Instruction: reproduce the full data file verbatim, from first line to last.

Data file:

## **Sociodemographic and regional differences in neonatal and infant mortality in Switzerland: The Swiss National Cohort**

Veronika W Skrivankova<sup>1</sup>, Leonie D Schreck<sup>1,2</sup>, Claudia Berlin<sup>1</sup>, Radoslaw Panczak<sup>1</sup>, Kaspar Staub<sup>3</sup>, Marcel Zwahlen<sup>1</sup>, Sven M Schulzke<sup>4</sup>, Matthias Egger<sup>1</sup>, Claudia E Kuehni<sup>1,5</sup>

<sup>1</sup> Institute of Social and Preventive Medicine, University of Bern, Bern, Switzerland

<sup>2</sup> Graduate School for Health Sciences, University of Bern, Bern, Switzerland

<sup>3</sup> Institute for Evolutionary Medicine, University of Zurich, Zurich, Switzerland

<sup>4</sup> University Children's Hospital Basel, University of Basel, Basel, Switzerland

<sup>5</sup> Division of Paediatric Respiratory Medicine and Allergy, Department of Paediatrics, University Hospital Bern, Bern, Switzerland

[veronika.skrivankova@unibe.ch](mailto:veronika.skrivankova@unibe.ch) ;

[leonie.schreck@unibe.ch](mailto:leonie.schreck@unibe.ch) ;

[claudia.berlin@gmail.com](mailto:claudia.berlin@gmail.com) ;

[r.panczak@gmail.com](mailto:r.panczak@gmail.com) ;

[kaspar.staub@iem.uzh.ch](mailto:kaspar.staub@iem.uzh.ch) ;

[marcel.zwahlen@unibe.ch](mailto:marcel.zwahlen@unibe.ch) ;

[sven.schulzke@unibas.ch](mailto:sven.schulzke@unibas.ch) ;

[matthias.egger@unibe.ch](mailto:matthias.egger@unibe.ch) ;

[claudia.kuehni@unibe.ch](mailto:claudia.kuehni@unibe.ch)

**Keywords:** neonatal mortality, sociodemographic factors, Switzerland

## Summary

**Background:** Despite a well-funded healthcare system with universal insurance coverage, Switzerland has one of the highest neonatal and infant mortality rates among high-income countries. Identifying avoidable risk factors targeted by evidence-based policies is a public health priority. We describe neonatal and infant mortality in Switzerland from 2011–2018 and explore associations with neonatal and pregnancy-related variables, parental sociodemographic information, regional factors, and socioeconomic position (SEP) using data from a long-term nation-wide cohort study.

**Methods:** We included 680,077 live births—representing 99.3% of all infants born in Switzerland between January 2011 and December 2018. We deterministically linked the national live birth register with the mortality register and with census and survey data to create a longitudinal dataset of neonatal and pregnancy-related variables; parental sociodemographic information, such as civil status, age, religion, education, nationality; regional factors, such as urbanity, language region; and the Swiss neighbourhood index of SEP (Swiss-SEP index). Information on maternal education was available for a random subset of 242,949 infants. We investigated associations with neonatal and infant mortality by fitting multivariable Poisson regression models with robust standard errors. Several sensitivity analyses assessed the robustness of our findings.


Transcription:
## **Sociodemographic and regional differences in neonatal and infant mortality in Switzerland: The Swiss National Cohort**

Veronika W Skrivankova<sup>1</sup>, Leonie D Schreck<sup>1,2</sup>, Claudia Berlin<sup>1</sup>, Radoslaw Panczak<sup>1</sup>, Kaspar Staub<sup>3</sup>, Marcel Zwahlen<sup>1</sup>, Sven M Schulzke<sup>4</sup>, Matthias Egger<sup>1</sup>, Claudia E Kuehni<sup>1,5</sup>

<sup>1</sup> Institute of Social and Preventive Medicine, University of Bern, Bern, Switzerland

<sup>2</sup> Graduate School for Health Sciences, University of Bern, Bern, Switzerland

<sup>3</sup> Institute for Evolutionary Medicine, University of Zurich, Zurich, Switzerland

<sup>4</sup> University Children's Hospital Basel, University of Basel, Basel, Switzerland

<sup>5</sup> Division of Paediatric Respiratory Medicine and Allergy, Department of Paediatrics, University Hospital Bern, Bern, Switzerland

[veronika.skrivankova@unibe.ch](mailto:veronika.skrivankova@unibe.ch) ;

[leonie.schreck@unibe.ch](mailto:leonie.schreck@unibe.ch) ;

[claudia.berlin@gmail.com](mailto:claudia.berlin@gmail.com) ;

[r.panczak@gmail.com](mailto:r.panczak@gmail.com) ;

[kaspar.staub@iem.uzh.ch](mailto:kaspar.staub@iem.uzh.ch) ;

[marcel.zwahlen@unibe.ch](mailto:marcel.zwahlen@unibe.ch) ;

[sven.schulzke@unibas.ch](mailto:sven.schulzke@unibas.ch) ;

[matthias.egger@unibe.ch](mailto:matthias.egger@unibe.ch) ;

[claudia.kuehni@unibe.ch](mailto:claudia.kuehni@unibe.ch)

**Keywords:** neonatal mortality, sociodemographic factors, Switzerland

## Summary

**Background:** Despite a well-funded healthcare system with universal insurance coverage, Switzerland has one of the highest neonatal and infant mortality rates among high-income countries. Identifying avoidable risk factors targeted by evidence-based policies is a public health priority. We describe neonatal and infant mortality in Switzerland from 2011–2018 and explore associations with neonatal and pregnancy-related variables, parental sociodemographic information, regional factors, and socioeconomic position (SEP) using data from a long-term nation-wide cohort study.

**Methods:** We included 680,077 live births—representing 99.3% of all infants born in Switzerland between January 2011 and December 2018. We deterministically linked the national live birth register with the mortality register and with census and survey data to create a longitudinal dataset of neonatal and pregnancy-related variables; parental sociodemographic information, such as civil status, age, religion, education, nationality; regional factors, such as urbanity, language region; and the Swiss neighbourhood index of SEP (Swiss-SEP index). Information on maternal education was available for a random subset of 242,949 infants. We investigated associations with neonatal and infant mortality by fitting multivariable Poisson regression models with robust standard errors. Several sensitivity analyses assessed the robustness of our findings.